New Legislation Demands More Transparency for US Supreme Court Justices and Federal Judges to Disclose Gifts, Perks

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By NTD Newsroom
March 30, 2023Supreme Court
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New Legislation Demands More Transparency for US Supreme Court Justices and Federal Judges to Disclose Gifts, Perks
The U.S. Supreme Court in Washington on Feb. 21, 2023. (Jim Watson/AFP via Getty Images)

According to a new ruling, U.S. Supreme Court justices and federal judges are now required to provide greater public disclosure of perks that could cause potential conflicts of interest. This includes free trips, meals, or gifts they receive from wealthy benefactors.

The new regulations were adopted at the urging of lawmakers and judicial transparency advocates. Democratic U.S. Senator Sheldon Whitehouse initiated the change, which was confirmed in a public letter (pdf) on March 28. Whitehouse has been negotiating for more comprehensive ethics reforms at the Supreme Court.

“The Administrative Office of the Courts sent me a letter confirming the Judicial Conference of the US has adopted new, stricter rules requiring way more disclosure of free trips, meals, and other “hospitality” accepted by federal judges & Supreme Court justices,” Whitehouse wrote on Twitter.

“For years, I’ve been pushing for reform in our judiciary’s ethics practices. These are basic changes aimed at protecting and restoring the public’s trust in our federal courts,” Whitehouse continued.

According to Whitehouse, the new rules will make it much harder for justices to travel, dine, hunt, or vacation for free at the private resort of a wealthy corporate executive—especially one with business before their court—and avoid disclosing that information to the public.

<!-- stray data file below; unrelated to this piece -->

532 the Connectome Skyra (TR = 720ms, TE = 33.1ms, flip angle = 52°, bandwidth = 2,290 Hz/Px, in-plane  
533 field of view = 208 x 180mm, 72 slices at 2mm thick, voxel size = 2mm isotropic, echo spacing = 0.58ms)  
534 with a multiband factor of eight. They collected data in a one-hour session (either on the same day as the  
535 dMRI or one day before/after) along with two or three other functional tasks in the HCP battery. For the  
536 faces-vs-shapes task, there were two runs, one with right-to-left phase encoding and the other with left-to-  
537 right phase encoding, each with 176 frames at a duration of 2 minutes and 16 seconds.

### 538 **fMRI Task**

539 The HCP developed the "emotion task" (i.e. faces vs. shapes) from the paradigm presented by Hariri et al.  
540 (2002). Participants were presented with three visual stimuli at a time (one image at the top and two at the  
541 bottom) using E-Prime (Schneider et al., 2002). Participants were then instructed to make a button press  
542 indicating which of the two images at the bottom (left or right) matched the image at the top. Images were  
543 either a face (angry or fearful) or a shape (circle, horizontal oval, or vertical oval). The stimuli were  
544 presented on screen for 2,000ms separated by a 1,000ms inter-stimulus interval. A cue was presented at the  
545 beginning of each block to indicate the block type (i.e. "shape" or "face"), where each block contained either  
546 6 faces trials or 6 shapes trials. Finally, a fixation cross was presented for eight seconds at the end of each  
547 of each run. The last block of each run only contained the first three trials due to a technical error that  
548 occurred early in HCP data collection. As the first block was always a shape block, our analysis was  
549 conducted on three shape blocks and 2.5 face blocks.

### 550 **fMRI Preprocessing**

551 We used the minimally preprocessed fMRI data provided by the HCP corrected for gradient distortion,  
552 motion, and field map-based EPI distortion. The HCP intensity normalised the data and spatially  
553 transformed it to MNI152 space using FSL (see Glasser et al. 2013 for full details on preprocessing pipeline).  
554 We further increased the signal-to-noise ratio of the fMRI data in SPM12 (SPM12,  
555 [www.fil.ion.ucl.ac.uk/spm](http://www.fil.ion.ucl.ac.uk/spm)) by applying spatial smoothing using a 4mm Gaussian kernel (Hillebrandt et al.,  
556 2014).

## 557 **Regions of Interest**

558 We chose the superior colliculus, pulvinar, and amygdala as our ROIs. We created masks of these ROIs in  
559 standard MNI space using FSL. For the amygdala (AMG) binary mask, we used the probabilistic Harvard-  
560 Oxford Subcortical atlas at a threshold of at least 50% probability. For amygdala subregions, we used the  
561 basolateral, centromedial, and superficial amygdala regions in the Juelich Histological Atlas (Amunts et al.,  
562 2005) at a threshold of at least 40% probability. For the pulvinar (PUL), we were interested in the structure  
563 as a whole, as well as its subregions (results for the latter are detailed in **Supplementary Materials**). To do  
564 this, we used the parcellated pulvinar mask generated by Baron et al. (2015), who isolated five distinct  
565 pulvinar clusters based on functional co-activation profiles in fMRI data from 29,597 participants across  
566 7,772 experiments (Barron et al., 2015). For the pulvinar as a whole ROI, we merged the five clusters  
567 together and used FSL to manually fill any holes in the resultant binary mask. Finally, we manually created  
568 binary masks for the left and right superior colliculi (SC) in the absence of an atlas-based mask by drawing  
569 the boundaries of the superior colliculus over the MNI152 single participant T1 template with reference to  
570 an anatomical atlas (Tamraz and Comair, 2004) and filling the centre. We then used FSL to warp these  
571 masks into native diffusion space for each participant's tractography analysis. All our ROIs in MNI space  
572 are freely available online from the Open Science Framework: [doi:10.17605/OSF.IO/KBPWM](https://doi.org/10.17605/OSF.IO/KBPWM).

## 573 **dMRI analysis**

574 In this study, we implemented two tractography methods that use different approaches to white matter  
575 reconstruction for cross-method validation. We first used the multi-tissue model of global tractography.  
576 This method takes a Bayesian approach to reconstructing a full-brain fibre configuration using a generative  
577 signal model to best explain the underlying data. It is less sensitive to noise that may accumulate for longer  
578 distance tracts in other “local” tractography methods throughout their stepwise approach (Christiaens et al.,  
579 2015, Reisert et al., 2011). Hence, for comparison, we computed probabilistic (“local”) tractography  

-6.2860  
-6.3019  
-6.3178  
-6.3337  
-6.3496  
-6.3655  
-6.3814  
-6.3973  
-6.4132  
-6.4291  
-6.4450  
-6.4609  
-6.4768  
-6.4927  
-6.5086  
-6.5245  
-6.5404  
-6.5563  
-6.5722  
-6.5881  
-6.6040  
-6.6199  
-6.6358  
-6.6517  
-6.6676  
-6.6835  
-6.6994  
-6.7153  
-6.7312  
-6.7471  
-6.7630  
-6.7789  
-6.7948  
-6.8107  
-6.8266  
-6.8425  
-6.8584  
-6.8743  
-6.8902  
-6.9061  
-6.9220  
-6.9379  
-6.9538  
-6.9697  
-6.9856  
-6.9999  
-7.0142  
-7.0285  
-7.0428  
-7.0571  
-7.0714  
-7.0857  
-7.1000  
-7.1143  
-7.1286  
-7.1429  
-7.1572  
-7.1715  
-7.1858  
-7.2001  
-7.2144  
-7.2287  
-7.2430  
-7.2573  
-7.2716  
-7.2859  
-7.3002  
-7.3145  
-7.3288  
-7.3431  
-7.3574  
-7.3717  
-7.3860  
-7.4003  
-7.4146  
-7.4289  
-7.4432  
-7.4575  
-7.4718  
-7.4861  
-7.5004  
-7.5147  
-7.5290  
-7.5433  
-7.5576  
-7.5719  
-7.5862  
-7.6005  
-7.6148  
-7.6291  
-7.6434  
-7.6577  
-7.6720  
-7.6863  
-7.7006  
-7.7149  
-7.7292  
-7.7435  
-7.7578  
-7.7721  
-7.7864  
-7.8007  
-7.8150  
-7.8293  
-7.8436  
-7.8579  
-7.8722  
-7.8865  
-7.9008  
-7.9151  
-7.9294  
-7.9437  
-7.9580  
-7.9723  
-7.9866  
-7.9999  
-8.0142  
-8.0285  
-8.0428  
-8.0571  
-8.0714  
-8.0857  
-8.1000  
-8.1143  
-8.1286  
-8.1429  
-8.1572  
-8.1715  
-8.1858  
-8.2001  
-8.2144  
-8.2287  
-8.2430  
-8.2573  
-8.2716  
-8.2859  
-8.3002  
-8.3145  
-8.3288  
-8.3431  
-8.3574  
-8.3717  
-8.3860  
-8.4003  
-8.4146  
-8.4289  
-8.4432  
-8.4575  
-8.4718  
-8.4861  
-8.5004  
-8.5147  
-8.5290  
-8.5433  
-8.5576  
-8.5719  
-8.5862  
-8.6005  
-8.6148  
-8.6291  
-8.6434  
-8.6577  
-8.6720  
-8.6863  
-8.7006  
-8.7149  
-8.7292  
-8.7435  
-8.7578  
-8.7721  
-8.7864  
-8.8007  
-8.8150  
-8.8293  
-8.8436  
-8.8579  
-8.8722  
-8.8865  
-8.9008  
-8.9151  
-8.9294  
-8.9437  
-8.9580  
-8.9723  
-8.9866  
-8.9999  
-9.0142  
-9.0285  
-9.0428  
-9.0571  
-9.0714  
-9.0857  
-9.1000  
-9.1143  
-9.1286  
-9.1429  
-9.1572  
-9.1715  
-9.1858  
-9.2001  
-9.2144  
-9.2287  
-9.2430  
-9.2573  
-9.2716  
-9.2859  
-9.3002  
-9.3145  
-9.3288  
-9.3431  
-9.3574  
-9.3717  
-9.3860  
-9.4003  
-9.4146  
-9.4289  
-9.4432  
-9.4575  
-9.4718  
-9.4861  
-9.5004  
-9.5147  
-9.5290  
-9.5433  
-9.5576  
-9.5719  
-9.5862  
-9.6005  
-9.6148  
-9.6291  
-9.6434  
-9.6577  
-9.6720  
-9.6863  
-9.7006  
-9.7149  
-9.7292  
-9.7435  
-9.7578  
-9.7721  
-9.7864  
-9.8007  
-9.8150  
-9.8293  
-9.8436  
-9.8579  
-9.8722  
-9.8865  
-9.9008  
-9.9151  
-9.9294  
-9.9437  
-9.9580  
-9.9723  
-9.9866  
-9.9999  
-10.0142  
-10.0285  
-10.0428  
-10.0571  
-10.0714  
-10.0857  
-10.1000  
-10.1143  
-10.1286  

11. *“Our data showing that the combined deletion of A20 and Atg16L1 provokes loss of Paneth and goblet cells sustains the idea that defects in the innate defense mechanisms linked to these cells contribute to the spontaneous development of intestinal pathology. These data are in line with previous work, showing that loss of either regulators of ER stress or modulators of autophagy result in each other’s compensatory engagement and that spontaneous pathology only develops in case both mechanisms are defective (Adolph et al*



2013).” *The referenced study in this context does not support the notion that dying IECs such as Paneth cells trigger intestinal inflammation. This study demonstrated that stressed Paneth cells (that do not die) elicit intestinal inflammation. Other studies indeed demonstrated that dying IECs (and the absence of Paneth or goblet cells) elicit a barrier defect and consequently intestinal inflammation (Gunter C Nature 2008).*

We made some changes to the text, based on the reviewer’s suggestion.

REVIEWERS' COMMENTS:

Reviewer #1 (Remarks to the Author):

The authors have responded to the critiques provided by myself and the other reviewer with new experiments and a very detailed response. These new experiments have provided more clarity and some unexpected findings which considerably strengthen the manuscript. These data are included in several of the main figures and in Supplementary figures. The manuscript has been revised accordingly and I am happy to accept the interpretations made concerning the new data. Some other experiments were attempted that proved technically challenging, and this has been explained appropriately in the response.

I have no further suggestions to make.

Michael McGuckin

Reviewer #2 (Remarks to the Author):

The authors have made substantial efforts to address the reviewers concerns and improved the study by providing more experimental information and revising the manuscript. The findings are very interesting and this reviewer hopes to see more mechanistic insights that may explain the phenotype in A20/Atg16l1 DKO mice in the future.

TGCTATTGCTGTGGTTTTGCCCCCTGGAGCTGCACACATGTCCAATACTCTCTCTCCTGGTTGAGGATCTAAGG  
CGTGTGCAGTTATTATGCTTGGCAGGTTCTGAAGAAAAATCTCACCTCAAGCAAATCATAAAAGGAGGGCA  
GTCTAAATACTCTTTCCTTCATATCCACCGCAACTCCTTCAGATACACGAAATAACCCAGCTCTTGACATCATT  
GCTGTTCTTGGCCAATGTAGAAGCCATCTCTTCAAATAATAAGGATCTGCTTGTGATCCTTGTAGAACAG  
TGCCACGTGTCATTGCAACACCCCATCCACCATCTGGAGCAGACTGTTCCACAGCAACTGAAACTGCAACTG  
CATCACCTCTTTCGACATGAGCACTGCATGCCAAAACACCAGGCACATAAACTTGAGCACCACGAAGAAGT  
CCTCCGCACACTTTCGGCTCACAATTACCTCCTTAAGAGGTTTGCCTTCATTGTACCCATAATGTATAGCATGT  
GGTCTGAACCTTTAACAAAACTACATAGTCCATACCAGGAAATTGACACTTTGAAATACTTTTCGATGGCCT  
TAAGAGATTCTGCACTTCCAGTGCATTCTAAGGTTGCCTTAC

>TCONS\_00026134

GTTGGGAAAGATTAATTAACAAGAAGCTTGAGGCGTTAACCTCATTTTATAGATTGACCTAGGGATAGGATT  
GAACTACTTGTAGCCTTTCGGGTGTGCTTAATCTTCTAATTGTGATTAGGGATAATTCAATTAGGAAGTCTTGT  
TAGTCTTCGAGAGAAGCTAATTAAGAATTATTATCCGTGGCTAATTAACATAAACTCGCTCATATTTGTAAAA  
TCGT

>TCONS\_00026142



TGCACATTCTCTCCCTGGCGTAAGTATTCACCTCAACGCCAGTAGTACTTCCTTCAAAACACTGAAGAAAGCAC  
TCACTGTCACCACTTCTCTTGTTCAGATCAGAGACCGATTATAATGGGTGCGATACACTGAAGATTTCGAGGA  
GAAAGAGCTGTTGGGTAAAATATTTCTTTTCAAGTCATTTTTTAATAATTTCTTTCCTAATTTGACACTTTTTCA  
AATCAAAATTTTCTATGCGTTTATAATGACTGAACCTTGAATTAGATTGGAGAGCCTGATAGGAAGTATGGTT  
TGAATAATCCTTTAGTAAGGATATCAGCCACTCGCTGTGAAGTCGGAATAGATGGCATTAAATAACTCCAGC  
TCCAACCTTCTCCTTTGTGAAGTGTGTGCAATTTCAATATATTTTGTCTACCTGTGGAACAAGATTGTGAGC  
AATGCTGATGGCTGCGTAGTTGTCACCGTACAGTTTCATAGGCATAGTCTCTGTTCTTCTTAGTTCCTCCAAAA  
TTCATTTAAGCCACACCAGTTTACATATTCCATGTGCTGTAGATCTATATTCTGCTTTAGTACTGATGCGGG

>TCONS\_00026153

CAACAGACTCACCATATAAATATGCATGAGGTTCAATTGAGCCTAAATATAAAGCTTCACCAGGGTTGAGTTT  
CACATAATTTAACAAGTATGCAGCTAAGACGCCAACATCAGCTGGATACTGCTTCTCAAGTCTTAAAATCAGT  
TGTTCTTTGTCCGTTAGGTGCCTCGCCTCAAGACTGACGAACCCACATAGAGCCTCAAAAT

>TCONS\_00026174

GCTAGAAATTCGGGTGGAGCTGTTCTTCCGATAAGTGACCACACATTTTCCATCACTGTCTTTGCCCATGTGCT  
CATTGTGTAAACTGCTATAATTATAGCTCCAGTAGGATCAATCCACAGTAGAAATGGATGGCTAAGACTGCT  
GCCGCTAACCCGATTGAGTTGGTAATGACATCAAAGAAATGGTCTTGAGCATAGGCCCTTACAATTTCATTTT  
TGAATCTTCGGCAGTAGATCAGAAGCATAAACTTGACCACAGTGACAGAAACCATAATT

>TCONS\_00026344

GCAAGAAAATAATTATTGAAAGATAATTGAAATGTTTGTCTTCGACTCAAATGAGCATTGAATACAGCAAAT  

The ruling is underlined by additional legislation, which Whitehouse and other Democrats in Congress introduced. This would mean the Supreme Court would need to adopt a code of ethics, strengthen recusal standards for judges and reinforce requirements for financial disclosure.

Like certain other government officials, U.S. Supreme Court justices and federal judges are required to complete annual financial disclosure reports under the Ethics in Government Act of 1978.

In 2022, Congress passed legislation requiring judges to file reports disclosing stock trades periodically.

A member of the Senate Judiciary Committee, Whitehouse argued that the judiciary’s disclosure rules had long enjoyed a more lax approach to divulgence than other branches of government. This was particularly so in defining what constituted “personal hospitality” that judges did not have to disclose.

Effective March 14, the new regulations were ratified by a committee of the Judicial Conference, which is the judiciary’s policymaking body.

A March 23 letter to Whitehouse by U.S. District Judge and director of the Administrative Office of the U.S. Courts, Roslynn Mauskopf, elaborated this in detail.

However, the new regulations don’t stipulate that judges must disclose gifts, including food, lodging, or entertainment, by an individual for a non-business purpose.

Any stays at commercial properties, like hotels and resorts, as well as gifts of hospitality paid for by an entity or third-party other than the person providing it, must nonetheless be disclosed, as does travel on private jets.

Whitehouse and court transparency advocates cited several hunting trips made by the late Supreme Court Justice Antonin Scalia in 2004, as reported by the Washington Post.

According to his statements, Scalia went on more than 200 subsidized trips but only reported a few free hunting excursions. This included a 2008 trip to a Texas ranch following a talk at Texas Tech University.

Scalia died in 2016 after suffering a heart attack at a Texas hunting resort to which he traveled on a private jet.

Gabe Roth, executive director of court transparency nonprofit organization ‘Fix the Court,’ says the new rules show a willingness by judiciary officials to restrict the very apparent loopholes.

The Supreme Court has also come under pressure to adopt a code of conduct, which applies to other government officials, but not Supreme Justices.

The new disclosure rules pertaining to personal hospitality will affect more than 3,000 judges nationwide. It applies to Supreme Court Justices and senior and magistrate judges.

Reuters contributed to this article.

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